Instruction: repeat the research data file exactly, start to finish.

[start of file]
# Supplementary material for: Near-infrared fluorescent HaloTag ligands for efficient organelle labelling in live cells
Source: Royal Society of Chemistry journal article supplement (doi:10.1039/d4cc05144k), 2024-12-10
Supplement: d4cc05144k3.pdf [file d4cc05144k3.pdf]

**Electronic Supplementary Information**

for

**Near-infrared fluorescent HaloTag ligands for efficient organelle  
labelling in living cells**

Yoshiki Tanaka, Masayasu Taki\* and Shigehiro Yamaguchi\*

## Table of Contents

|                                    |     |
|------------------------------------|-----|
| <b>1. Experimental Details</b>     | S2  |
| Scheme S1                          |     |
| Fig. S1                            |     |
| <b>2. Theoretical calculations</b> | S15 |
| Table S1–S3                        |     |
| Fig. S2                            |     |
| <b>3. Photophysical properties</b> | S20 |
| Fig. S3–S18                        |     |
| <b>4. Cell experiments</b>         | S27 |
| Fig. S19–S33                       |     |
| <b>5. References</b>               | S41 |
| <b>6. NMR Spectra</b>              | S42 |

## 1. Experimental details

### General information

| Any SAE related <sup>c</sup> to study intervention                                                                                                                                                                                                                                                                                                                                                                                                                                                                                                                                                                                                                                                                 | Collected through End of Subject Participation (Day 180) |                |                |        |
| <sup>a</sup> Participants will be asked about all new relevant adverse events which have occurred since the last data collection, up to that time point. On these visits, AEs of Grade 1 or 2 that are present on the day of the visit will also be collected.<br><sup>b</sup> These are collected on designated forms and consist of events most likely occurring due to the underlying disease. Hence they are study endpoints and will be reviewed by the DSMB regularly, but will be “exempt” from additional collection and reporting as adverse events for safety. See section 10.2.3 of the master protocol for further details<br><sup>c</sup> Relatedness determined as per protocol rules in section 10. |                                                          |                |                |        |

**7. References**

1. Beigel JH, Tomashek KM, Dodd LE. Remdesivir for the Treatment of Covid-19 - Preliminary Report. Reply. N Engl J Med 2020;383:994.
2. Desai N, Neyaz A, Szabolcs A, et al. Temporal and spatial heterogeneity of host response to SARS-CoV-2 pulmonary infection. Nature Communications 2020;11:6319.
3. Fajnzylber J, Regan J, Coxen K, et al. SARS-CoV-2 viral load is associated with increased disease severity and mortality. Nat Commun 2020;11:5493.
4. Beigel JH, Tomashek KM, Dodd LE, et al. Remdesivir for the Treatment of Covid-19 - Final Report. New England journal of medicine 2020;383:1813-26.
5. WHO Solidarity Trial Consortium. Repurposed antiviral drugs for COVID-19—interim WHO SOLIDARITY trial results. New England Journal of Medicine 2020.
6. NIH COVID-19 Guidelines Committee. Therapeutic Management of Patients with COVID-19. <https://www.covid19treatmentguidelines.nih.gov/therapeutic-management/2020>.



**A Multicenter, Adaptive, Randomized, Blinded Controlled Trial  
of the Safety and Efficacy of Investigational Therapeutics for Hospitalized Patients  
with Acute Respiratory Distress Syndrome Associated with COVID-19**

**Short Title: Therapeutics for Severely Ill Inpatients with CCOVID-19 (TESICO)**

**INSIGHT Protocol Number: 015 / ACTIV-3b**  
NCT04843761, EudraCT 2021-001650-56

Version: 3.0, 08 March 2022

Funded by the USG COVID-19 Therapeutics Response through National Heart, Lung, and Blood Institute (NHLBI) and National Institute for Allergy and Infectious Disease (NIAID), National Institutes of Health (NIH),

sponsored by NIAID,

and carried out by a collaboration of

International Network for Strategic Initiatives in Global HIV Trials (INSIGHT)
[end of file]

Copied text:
# Supplementary material for: Near-infrared fluorescent HaloTag ligands for efficient organelle labelling in live cells
Source: Royal Society of Chemistry journal article supplement (doi:10.1039/d4cc05144k), 2024-12-10
Supplement: d4cc05144k3.pdf [file d4cc05144k3.pdf]

**Electronic Supplementary Information**

for

**Near-infrared fluorescent HaloTag ligands for efficient organelle  
labelling in living cells**

Yoshiki Tanaka, Masayasu Taki\* and Shigehiro Yamaguchi\*

## Table of Contents

|                                    |     |
|------------------------------------|-----|
| <b>1. Experimental Details</b>     | S2  |
| Scheme S1                          |     |
| Fig. S1                            |     |
| <b>2. Theoretical calculations</b> | S15 |
| Table S1–S3                        |     |
| Fig. S2                            |     |
| <b>3. Photophysical properties</b> | S20 |
| Fig. S3–S18                        |     |
| <b>4. Cell experiments</b>         | S27 |
| Fig. S19–S33                       |     |
| <b>5. References</b>               | S41 |
| <b>6. NMR Spectra</b>              | S42 |

## 1. Experimental details

### General information

| Any SAE related <sup>c</sup> to study intervention                                                                                                                                                                                                                                                                                                                                                                                                                                                                                                                                                                                                                                                                 | Collected through End of Subject Participation (Day 180) |                |                |        |
| <sup>a</sup> Participants will be asked about all new relevant adverse events which have occurred since the last data collection, up to that time point. On these visits, AEs of Grade 1 or 2 that are present on the day of the visit will also be collected.<br><sup>b</sup> These are collected on designated forms and consist of events most likely occurring due to the underlying disease. Hence they are study endpoints and will be reviewed by the DSMB regularly, but will be “exempt” from additional collection and reporting as adverse events for safety. See section 10.2.3 of the master protocol for further details<br><sup>c</sup> Relatedness determined as per protocol rules in section 10. |                                                          |                |                |        |

**7. References**

1. Beigel JH, Tomashek KM, Dodd LE. Remdesivir for the Treatment of Covid-19 - Preliminary Report. Reply. N Engl J Med 2020;383:994.
2. Desai N, Neyaz A, Szabolcs A, et al. Temporal and spatial heterogeneity of host response to SARS-CoV-2 pulmonary infection. Nature Communications 2020;11:6319.
3. Fajnzylber J, Regan J, Coxen K, et al. SARS-CoV-2 viral load is associated with increased disease severity and mortality. Nat Commun 2020;11:5493.
4. Beigel JH, Tomashek KM, Dodd LE, et al. Remdesivir for the Treatment of Covid-19 - Final Report. New England journal of medicine 2020;383:1813-26.
5. WHO Solidarity Trial Consortium. Repurposed antiviral drugs for COVID-19—interim WHO SOLIDARITY trial results. New England Journal of Medicine 2020.
6. NIH COVID-19 Guidelines Committee. Therapeutic Management of Patients with COVID-19. <https://www.covid19treatmentguidelines.nih.gov/therapeutic-management/2020>.



**A Multicenter, Adaptive, Randomized, Blinded Controlled Trial  
of the Safety and Efficacy of Investigational Therapeutics for Hospitalized Patients  
with Acute Respiratory Distress Syndrome Associated with COVID-19**

**Short Title: Therapeutics for Severely Ill Inpatients with CCOVID-19 (TESICO)**

**INSIGHT Protocol Number: 015 / ACTIV-3b**  
NCT04843761, EudraCT 2021-001650-56

Version: 3.0, 08 March 2022

Funded by the USG COVID-19 Therapeutics Response through National Heart, Lung, and Blood Institute (NHLBI) and National Institute for Allergy and Infectious Disease (NIAID), National Institutes of Health (NIH),

sponsored by NIAID,

and carried out by a collaboration of

International Network for Strategic Initiatives in Global HIV Trials (INSIGHT)